Review the law, Integrity Commission urges

Review the law, Integrity Commission urges

Body also rejects PNP's call for rethink of auditor general sitting as a commissioner


Tuesday, May 14, 2019

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The five commissioners of the Integrity Commission are supporting calls for a review of the legislation governing its operations, but they have rejected Opposition Leader Dr Peter Phillips's suggestion for a rethink of the auditor general being a member of the body.

The Integrity Commission Act of 2017 is slated to be reviewed five years after it was passed, but the commissioners have already decided that they want changes to Section 53(3), which prevents them from updating the public on matters they are investigating.

Under the legislation, “all matters under investigation by the director of investigations [of the Integrity Commission], or any other person involved in such investigation shall be kept confidential, and no report or public statement shall be made by the commission or any other person”, until after it has concluded its investigation and its findings have been tabled in Parliament.

“We feel at the moment that we are trapped by the legislation in that it does not allow us to say anything and, at the same time, freedom of the press is such that the media say anything and everything — including falsehoods — which we cannot even try to respond to if we are to disclose matters relating to either situation.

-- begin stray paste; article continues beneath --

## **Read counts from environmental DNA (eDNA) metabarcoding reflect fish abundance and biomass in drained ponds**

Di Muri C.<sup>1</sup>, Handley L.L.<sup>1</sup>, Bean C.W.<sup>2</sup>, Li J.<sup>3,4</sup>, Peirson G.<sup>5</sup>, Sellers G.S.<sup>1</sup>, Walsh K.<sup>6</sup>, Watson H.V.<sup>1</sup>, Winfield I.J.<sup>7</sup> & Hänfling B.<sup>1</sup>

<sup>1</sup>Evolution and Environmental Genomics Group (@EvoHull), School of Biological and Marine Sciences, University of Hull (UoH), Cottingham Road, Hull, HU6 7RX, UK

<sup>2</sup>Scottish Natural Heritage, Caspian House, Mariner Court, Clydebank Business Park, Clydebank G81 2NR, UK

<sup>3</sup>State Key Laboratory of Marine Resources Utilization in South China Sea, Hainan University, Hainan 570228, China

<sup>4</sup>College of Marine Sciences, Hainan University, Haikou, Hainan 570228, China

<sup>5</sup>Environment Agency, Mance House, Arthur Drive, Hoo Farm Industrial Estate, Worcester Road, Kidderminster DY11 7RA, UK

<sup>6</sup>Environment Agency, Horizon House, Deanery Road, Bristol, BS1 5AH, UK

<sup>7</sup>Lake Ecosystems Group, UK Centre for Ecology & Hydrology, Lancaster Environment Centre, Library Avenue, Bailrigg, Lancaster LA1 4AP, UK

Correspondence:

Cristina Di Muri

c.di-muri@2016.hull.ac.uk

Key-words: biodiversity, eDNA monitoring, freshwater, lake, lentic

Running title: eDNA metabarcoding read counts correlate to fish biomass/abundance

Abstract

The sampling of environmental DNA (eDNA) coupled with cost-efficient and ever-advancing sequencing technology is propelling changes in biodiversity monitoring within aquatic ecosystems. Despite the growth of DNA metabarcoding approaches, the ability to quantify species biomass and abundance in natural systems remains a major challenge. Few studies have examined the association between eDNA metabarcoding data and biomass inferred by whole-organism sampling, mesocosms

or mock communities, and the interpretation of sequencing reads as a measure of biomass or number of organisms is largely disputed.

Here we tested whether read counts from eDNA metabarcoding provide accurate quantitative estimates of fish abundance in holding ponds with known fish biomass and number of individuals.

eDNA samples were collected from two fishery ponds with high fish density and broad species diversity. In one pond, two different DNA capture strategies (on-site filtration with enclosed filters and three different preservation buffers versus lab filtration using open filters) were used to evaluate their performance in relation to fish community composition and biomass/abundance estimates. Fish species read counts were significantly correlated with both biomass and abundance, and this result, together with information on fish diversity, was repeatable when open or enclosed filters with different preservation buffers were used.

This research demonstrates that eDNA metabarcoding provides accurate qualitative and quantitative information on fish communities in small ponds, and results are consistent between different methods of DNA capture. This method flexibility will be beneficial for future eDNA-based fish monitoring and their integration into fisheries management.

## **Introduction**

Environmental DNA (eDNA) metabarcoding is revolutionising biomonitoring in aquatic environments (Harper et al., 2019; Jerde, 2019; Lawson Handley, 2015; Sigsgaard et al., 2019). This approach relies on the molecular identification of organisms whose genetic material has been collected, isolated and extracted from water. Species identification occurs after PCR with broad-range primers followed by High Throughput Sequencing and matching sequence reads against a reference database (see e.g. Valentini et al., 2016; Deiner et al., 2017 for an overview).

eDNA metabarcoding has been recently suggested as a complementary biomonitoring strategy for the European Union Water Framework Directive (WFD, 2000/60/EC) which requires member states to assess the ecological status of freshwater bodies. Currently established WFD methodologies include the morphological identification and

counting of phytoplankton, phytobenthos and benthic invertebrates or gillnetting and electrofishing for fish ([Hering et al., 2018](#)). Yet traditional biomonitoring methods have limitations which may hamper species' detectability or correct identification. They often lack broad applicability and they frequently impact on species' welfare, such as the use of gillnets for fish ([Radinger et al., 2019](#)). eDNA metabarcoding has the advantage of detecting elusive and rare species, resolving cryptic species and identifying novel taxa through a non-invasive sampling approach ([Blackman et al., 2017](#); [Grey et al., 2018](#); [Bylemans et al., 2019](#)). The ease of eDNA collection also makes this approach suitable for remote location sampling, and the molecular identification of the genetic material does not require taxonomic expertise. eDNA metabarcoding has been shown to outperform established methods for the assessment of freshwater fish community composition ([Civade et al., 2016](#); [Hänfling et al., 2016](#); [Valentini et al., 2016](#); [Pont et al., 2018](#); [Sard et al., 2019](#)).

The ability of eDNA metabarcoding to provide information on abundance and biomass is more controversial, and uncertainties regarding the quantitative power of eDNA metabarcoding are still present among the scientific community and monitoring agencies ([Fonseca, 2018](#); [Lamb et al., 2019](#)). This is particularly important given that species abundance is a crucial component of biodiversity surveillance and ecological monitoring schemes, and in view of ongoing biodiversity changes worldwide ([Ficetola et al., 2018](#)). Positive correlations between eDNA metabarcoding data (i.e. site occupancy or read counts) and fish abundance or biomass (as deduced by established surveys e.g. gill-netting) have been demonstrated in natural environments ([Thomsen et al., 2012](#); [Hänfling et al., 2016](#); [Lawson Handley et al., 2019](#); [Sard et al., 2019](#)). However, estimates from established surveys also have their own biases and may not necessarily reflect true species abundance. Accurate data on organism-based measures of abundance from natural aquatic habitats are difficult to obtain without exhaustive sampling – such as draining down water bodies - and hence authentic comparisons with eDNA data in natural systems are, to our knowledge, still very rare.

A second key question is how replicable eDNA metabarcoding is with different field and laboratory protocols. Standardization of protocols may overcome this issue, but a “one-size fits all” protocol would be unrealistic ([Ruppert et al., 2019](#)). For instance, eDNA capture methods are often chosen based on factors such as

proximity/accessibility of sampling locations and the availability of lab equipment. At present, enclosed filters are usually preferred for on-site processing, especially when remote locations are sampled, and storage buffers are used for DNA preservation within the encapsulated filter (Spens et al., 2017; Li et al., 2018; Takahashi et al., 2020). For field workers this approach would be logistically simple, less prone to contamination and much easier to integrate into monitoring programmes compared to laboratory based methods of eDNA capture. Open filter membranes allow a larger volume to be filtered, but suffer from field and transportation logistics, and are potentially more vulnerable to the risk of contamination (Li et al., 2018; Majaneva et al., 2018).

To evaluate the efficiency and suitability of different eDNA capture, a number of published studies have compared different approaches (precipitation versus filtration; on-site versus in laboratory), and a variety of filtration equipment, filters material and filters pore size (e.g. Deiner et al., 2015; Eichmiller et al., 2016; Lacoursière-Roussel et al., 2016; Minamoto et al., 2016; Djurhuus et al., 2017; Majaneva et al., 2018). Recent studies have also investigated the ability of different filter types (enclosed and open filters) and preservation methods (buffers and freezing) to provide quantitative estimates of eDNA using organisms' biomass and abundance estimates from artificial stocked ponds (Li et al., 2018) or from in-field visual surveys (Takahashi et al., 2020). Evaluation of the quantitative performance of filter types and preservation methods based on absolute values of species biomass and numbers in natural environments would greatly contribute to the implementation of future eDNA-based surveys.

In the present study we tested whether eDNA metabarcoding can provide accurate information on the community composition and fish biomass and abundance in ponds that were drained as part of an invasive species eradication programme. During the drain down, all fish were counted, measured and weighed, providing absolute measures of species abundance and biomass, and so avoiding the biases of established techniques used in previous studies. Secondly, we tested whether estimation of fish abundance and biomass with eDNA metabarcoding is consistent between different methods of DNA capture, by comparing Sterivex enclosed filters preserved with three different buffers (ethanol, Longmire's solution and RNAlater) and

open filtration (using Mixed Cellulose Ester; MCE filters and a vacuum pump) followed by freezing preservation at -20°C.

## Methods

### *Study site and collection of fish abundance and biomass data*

“So that is one matter that has to be amended,” one of the commissioners, retired Justice Seymour Panton, told journalists at the commission's first media briefing yesterday.

“I see where some persons are calling for aspects of the law to be amended, but they have not mentioned this aspect. But this is our first commitment, to ask for this part to be amended so that we can, at least sometimes, defend ourselves against the persons who clearly have interests,” added Panton.

At a recent media briefing Phillips, the president of the Opposition People's National Party, argued that the review of the Integrity Commission Act be immediately undertaken, along with a review of the make-up of the corruption-prevention body.

According to Phillips, the Opposition is concerned about the inclusion of independent bodies such as the Auditor General's Department on the Integrity Commission, especially where they will have a role to play in crafting reports.

But Panton defended the inclusion of Auditor General Pamela Monroe Ellis on the commission.

“In my view, and I think it is the view of the members of the commission, it is a misguided view to remove, or to think to remove, the auditor general from the commission,” said Panton.

He added: “The auditor general adds a necessary perspective in our deliberations as regards governmental procedures and in relation to misconduct by public officers in the conduct of public affairs. The auditor general has been on earlier commissions and no questions were raised then.

“The fact that there may be discomfort with one report should not be causing people to be putting forward the ridiculous idea of moving the auditor general off. There is no conflict of interest because the auditor general has to probe the same things and more; and if there is something before the commission that requires further in-depth attention, there is nothing to prevent the auditor general's office from executing its duties,” added Panton.

The Integrity Commission is chaired by retired Justice Karl Harrison and includes former Contractor General Derrick McKoy, tax expert Eric Crawford, Panton, and Monroe Ellis.

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